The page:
Search experts believe that a much smaller search site of just 2sq nautical miles means recovering debris from the missing light aircraft carrying Premier League footballer, Emiliano Sala, and his pilot, should happen in the next few days.
'Shipwreck hunter' David Mearns will set out on his privately funded search in the early hours of tomorrow morning working together with the Air Accident Investigation Branch. And he has confirmed that any leftover funds once the search has been completed will be used to set up a foundation to benefit the families of the missing men.
Two search operations will now be covering the suspected site where the Piper Malibu Piper carrying Sala and Dave Ibbotson is thought to have come down, north of Alderney.
The AAIB are a UK government run body whose mission is to identify the cause of the crash on Monday 21 January. The AAIB announced its intentions to carry out a seabed search earlier this week when two cushions identified as part of the missing plane washed up on a beach in France.
The AAIB will be launching an 80m long vessel - much bigger than the size of Mr Mearns' vessel - but has not confirmed yet exactly when. It also said the specifics of the search area itself are "confidential".
Pictured: A DP2 ship such as the one which the AAIB will use (source: Wikipedia, credit: Karol Alaszewicz).
Both the AAIB and Mr Mearns will search the 2 sq nautical mile box which was identified using the last known location of the plane from radar records, and is around 24 miles north of Guernsey. Mr Mearns' smaller boat will set off from St Peter Port marina at 03:00 tomorrow morning to be at the target area for daybreak.
It means there is likely to be residual funds from the search paid for by £300,000 raised through a Go Fund Me campaign. The money, Mr Mearns told Express, will go into a new foundation for the families.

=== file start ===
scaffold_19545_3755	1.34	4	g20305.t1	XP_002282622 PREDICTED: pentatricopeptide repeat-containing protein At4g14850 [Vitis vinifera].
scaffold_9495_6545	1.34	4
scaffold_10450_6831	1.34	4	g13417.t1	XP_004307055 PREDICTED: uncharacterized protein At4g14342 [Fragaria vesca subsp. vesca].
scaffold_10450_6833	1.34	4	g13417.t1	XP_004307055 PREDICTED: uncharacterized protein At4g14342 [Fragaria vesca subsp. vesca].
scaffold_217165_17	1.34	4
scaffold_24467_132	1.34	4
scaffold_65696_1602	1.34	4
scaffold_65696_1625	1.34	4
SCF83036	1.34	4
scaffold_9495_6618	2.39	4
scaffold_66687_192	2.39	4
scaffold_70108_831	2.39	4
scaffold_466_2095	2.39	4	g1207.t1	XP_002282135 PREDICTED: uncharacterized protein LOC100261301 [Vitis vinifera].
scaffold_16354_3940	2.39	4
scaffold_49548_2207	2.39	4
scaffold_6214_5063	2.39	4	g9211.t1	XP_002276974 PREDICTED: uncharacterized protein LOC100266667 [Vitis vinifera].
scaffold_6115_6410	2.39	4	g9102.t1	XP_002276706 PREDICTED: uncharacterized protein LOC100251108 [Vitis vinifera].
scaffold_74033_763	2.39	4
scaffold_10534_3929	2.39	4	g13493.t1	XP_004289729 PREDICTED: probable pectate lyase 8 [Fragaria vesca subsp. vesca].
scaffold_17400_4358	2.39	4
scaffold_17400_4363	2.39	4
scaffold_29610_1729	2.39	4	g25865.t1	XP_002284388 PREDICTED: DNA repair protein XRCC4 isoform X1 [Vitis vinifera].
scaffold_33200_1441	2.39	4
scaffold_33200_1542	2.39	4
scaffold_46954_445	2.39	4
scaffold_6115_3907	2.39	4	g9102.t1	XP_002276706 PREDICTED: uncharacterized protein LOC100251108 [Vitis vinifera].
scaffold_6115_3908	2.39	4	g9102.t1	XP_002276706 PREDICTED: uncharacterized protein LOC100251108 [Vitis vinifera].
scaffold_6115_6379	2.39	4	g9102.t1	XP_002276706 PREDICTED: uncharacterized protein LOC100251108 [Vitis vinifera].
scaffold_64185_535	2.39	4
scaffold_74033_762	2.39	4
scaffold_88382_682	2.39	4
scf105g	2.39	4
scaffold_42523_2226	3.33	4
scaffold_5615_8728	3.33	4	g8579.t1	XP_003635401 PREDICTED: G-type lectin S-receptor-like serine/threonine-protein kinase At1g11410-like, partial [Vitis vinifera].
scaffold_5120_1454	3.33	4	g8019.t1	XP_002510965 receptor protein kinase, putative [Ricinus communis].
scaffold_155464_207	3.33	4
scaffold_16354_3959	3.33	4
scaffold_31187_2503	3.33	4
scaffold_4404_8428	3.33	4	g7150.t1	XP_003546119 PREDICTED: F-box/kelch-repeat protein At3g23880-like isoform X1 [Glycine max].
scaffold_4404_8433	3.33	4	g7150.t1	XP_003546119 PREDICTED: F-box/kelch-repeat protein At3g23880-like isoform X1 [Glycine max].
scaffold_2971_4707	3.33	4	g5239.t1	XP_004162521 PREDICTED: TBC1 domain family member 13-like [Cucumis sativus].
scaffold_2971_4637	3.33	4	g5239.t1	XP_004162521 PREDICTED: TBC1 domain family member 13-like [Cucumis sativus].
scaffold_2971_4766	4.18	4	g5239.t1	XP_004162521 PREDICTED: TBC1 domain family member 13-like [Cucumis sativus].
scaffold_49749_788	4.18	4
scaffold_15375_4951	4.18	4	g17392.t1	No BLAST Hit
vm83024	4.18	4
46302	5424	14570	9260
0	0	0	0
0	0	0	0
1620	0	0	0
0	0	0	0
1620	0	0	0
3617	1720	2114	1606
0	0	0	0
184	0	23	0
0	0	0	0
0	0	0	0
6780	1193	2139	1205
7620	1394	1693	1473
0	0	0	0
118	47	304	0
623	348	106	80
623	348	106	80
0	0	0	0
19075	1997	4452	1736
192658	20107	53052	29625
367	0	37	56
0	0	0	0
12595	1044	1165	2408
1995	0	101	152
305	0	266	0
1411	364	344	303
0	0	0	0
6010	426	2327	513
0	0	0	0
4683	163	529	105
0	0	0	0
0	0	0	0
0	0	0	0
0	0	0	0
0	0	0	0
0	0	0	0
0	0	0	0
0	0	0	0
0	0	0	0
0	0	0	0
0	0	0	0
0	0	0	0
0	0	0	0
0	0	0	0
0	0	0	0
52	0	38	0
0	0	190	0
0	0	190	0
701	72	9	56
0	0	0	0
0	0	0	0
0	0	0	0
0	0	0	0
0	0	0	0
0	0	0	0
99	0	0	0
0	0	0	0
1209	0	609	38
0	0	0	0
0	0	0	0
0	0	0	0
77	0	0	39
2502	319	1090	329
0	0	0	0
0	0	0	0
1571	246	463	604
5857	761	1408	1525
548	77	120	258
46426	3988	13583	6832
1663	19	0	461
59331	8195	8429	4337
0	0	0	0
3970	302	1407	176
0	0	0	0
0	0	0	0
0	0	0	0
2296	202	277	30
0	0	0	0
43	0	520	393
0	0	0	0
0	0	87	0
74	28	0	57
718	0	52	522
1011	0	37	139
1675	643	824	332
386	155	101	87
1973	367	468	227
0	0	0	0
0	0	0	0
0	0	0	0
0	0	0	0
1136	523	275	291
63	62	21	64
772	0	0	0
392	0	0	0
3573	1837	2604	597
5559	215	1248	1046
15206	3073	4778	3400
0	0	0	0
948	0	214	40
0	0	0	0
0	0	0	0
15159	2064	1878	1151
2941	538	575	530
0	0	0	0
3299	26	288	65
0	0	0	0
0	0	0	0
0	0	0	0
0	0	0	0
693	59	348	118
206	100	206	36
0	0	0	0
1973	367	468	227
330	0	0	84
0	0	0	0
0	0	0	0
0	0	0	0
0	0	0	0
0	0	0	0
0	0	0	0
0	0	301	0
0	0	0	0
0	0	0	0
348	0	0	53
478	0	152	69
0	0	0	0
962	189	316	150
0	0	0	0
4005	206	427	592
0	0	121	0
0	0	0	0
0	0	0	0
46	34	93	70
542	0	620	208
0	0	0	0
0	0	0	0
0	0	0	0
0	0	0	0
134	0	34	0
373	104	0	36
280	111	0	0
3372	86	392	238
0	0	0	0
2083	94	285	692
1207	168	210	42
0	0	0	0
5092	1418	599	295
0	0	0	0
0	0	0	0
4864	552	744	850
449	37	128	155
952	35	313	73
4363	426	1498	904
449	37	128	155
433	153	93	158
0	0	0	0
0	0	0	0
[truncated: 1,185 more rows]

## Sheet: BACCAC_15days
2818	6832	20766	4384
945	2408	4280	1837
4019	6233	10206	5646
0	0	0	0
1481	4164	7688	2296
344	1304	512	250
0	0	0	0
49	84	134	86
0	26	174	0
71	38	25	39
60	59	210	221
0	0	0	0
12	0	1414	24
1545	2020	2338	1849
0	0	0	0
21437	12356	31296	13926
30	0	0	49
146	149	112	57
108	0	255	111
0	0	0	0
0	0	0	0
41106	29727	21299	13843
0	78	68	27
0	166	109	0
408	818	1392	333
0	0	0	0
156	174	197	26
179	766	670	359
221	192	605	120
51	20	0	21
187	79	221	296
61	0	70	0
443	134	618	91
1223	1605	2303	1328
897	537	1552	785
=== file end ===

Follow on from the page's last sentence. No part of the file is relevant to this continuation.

Mr Mearns said he has retained his "sense of purpose" as he volunteered his time to help the family and feels his search boat may still be the vessel to find the wreckage but that it is "not a race."
"We began with a 25sq mile box now we have a much better chance. The AAIB are using a DP 2 ship (dynamic positioning ship) with much the same search and survey technology as we're going to use, but it will be able to handle the conditions better than we can.
"The confidence level is high, it's a small plane and because parts of it have washed up we know it's badly broken up, we're not looking for an intact plane we're looking at a debris field," he said.
Both ships will be using sonar which uses a piloted cable sent down to the sea bed. Mr Mearns described how he would go in a zig-zag like fashion in and around the targeted area. If and when the sonar - which can pick up on objects the size of a car tyre - identifies anything of interest, the remote controlled underwater vessel will be sent down.
On the AAIB ship representatives from the authorities and police will be on hand to carry out the next stage of the recovery in order to obtain the best information about how the crash occurred.
"The family are happy that this number of resources is being used now to find the wreckage, we can do it in a co-ordinated way. We're basically equivalent in terms of the equipment on board. We're talking days now," he said.
Mr Mearns' search was funded by more than £300,000 raised with a Go Fund Me account.
"It's looking like there will be a residue of that fund, a foundation is being set up to administer those funds and 100% of that money will be used to benefit the families, both families," he said.
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